Great fishing at Almanor: state's second-largest manmade lake
Lake Almanor sits at 4,500-feet elevation, at the foot of Mount Lassen. At its widest point, Lake Almanor is 13 miles wide and six miles long.
While it’s the second-largest manmade lake in California to Lake Shasta, it’s not necessarily deep. Depths might reach 90 feet plus in the old river channel and places around the dam, but for the most part, you’re trolling or anchored in depths of 45 feet.
This lake holds some of the best trophy-sized fish you’ll find anywhere. Almanor has a major population of rainbow and German brown trout and a continuing population of landlocked Chinook salmon. There are smallmouth bass and brown bullhead catfish.
What provides food for all these fish? Many years ago, a small fish called Japanese Pond Smelt was added to the lake, and if you have a good scope aboard the boat, you can spot massive schools, often with game fish close by.
Anglers generally coexist well with water recreationists, mainly water skiers and jet-ski type watercraft.
There are resorts of all descriptions around the lake that can host you in their cabins, motel-type units or your RV. At the south end of the lake is the PG&E campgrounds and public boat ramp that hosts many campers, from tests to RVs.
There’s another public boat ramp just north of Plumas Pines Resort along the west shore.
Year after year, we pretty much have to search for where the fish are lurking. In May, they never seem to be in the same place where you found them the year prior. In 2011, there were massive numbers of fish along the long east shore; this year, just about no fish.
We began our first outing near the mouth of Hamilton Branch, trolling north through part of Big Springs. We finally got bit in the northeast corner of the lake, picking up a small salmon that we quickly unhooked and returned.
We trolled the north end of Big Cove and went south and trolled the east side of the peninsula. Total bites: Zero.
Day two, we ventured around the peninsula point to troll the west side of the lake. Bingo. We tallied two- to three-pound German browns and king salmon to two pounds.
Day three, we trolled the western shoreline, continuing to the dam and then all along the east shore back north to Hamilton Branch. No hits at all.
From then on, we concentrated on trolling the west side of the peninsula, from the point nearly to Bailey Creek.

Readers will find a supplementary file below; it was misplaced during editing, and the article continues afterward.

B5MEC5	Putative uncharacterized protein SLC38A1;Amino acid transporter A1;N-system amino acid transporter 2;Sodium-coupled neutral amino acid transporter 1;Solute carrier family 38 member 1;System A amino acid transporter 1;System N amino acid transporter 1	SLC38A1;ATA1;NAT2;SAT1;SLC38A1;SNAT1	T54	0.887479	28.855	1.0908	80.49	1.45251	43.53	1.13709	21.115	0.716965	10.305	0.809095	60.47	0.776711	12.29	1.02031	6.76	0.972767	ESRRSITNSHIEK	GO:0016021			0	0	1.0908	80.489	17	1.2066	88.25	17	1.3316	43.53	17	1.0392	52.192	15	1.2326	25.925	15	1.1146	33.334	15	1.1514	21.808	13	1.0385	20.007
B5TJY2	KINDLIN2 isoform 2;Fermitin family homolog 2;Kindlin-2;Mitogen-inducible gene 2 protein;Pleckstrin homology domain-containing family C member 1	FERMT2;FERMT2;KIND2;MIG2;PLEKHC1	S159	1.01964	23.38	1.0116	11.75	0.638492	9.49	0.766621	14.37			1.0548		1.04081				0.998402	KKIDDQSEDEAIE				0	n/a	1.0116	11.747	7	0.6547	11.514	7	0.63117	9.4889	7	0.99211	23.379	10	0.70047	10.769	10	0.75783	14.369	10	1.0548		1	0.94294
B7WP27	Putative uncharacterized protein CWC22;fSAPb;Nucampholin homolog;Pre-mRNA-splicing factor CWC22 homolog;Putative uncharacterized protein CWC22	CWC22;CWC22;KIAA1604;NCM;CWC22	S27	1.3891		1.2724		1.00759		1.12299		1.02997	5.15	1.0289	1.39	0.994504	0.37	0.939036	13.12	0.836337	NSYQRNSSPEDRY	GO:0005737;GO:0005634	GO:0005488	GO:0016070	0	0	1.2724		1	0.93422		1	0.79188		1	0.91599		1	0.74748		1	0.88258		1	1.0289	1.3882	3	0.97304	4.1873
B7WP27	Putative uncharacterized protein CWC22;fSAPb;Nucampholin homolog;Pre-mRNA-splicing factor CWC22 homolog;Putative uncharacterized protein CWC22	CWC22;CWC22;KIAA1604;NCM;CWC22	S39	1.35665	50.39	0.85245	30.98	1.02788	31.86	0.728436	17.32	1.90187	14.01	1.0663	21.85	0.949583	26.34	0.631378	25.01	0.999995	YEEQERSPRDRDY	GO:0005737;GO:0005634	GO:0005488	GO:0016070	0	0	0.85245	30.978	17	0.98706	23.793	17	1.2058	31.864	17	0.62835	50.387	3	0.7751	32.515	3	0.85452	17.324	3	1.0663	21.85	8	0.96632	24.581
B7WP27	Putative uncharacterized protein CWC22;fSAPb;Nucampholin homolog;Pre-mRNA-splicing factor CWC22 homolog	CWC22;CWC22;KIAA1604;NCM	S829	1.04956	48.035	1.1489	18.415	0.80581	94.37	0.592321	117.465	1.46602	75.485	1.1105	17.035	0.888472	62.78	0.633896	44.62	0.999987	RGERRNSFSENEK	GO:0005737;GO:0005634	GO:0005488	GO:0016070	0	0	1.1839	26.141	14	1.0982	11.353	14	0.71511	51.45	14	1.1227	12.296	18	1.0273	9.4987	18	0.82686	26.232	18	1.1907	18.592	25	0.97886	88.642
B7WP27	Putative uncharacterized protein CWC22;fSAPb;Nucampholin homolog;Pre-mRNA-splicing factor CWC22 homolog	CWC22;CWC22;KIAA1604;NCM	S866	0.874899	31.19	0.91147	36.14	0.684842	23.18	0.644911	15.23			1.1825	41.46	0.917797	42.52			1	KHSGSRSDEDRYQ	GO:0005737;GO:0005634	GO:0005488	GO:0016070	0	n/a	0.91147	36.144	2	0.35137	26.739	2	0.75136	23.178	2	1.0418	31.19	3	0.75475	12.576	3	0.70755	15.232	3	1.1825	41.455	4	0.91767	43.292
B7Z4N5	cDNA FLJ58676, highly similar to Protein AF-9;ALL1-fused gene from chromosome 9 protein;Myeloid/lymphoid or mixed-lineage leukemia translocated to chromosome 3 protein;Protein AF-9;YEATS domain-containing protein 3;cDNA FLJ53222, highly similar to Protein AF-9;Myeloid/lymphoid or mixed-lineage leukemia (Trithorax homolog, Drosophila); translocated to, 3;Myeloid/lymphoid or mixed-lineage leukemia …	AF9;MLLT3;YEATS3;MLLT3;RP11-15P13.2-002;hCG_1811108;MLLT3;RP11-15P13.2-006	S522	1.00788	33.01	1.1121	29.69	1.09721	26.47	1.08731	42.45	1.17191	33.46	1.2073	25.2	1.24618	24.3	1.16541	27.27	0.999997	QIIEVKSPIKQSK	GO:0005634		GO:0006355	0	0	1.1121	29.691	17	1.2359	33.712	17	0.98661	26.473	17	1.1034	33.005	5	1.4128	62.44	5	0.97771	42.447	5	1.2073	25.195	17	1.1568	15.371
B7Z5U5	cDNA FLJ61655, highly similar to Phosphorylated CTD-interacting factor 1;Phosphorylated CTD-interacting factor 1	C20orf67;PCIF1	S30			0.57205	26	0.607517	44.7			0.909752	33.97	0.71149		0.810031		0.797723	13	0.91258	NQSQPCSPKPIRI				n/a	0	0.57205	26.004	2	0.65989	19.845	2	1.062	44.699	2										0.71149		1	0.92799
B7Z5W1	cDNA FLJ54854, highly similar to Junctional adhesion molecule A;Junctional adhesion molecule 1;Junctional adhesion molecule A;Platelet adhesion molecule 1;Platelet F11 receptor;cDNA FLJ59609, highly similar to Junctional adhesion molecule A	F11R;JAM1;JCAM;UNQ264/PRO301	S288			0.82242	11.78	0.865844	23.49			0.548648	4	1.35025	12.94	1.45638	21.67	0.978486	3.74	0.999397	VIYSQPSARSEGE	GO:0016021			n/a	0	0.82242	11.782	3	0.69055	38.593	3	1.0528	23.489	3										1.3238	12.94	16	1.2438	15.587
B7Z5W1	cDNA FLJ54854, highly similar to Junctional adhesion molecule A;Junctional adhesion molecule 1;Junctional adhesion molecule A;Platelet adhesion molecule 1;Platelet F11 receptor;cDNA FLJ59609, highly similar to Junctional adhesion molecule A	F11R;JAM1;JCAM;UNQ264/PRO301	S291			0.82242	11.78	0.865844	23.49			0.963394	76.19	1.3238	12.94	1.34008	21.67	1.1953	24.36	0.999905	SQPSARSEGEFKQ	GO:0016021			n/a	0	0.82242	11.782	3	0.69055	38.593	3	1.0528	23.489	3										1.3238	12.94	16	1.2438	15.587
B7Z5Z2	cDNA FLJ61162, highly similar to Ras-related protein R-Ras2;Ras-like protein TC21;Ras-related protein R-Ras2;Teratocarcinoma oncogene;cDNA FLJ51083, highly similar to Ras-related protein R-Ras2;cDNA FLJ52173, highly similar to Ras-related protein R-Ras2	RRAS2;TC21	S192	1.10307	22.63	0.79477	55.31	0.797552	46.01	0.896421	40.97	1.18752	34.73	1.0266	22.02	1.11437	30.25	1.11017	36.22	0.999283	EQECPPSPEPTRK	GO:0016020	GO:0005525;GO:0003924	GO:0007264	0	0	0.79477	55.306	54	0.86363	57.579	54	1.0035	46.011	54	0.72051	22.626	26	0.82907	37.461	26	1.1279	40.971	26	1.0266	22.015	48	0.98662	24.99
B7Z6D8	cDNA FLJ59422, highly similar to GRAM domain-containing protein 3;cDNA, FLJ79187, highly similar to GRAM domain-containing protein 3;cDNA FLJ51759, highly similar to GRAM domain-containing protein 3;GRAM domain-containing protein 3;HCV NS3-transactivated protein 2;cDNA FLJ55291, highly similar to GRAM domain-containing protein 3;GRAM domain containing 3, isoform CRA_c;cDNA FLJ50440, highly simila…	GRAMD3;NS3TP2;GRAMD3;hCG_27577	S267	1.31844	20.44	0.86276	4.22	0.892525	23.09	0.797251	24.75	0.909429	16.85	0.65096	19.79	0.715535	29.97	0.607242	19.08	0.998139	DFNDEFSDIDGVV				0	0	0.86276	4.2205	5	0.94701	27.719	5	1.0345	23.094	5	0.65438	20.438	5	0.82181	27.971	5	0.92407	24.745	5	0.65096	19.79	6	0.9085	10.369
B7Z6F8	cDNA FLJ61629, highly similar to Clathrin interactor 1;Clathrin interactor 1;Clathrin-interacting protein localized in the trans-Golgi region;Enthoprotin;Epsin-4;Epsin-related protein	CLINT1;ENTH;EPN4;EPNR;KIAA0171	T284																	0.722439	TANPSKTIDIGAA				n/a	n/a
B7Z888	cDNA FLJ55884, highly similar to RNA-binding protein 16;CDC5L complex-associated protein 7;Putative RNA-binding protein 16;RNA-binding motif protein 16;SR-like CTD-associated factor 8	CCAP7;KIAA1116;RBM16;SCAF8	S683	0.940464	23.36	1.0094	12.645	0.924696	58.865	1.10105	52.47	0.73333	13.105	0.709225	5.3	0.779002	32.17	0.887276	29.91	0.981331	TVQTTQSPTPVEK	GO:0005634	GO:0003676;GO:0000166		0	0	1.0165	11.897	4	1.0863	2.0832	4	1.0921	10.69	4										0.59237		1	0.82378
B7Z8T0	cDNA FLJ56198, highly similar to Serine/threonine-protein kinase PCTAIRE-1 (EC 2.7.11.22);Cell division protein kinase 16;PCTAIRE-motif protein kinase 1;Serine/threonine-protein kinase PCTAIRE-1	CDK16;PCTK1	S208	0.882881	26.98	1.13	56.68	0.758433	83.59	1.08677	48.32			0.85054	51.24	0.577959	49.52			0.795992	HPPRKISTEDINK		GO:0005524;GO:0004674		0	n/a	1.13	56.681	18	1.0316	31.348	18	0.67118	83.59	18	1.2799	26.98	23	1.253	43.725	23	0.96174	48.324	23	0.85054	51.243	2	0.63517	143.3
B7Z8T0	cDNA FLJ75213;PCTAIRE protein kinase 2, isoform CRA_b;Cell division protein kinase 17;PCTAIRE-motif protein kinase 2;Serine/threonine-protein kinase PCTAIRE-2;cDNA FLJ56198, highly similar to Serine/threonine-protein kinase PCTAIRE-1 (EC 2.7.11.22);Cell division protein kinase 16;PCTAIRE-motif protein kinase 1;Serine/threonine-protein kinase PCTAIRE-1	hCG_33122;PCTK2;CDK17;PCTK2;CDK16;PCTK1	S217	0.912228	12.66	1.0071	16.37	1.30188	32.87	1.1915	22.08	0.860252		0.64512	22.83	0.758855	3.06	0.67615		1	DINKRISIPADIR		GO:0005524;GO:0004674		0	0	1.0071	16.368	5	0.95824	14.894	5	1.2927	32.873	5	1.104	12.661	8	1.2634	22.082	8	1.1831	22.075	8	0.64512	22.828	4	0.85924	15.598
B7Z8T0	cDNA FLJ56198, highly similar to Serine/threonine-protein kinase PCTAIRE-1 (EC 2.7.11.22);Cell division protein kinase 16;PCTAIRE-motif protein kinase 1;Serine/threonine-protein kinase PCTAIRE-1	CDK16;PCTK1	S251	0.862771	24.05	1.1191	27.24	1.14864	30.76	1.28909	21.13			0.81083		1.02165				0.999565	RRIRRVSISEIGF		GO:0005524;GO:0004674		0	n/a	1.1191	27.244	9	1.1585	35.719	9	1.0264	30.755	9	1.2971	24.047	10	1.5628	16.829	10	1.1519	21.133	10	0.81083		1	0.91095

And for this time of year, the fish are deep. We’re running lead-core lines out at 7-8 colors and downriggers down 32-40 feet. We start at those depths early in the morning and end the fishing day, often at mid afternoon, at the same depth.
Rainbows are really hard to come by, but that’s generally the case in May.
There’s a ton of small king salmon and many keeper salmon to three pounds.
The big fish for the bag are the German brown trout. It’s common to tally a bunch of two-pounders. Linda, my other half, lost a monster brown trout right behind the boat when the fish was able to spit out the hook.
A couple of hours later, she outfought a 5½-pound brown, a fight that lasted nearly a half-hour. Right after that, I lost a rainbow that would have gone four pounds. It did a lot of jumping, clearing the water’s surface by three feet or more.
The brown trout will quickly grab a small Rebel or Rapala. We stuck strictly with plastic worms and used a variety of brands with a high success rate.
Even professional guides agree Lake Almanor is an under-fished lake. There are big fish there — trophy- and bragging-sized fish.
Shad: Some of the best action is being found in the afternoons, and you don’t need a boat. Shore casting at Miller Park and the mouth of the American are showing good rod-bending action. Go with light gear and you can have a blast with hook-ups and the resulting fight.
Lake Oroville: The lake is close enough to say “full.” Most females are spawned out so if you want a heavyweight female, it’s too late. Males remain in the shallows protecting the nests, and they’ll pretty much snap at anything that comes close.
Lake Davis: There are rainbows to 17 inches being found by those top-lining five to 15 feet down. Lures such as Needlefish and Humdingers work, but a good old crawler (remember, rubber worms) are hauling in their share. Camp 5 and Honker Cove to the island are producing the best.
Pretty good success is being found at nearby Frenchman’s by boaters and the shore bound. Do your casting around the dam end of the lake.
Stampede Reservoir: The lake is scheduled for a plant of rainbows, but if you head up into the Sagehen or Little Truckee River arms, you can troll or anchor and soak bait and get into a rainbow bite, fish that weren’t just planted. Brown trout and mackinaw also are hanging out in those waters. Kokanee are hitting but running small.
San Francisco Bay: Live bait is available, and boats are running for halibut. It’s not a hot bite, but indicators are there it should be a good summer season for “butts.” Most boats aren’t tallying a fish for every person, but on a good day, it’s close. Boats like my favorite party boat out of Berkeley — California Dawn — will make a combo trip that includes stripers, rock cod and halibut. That way, you come home with something.
Contact George deVilbiss at GeorgesColumn@aol.com.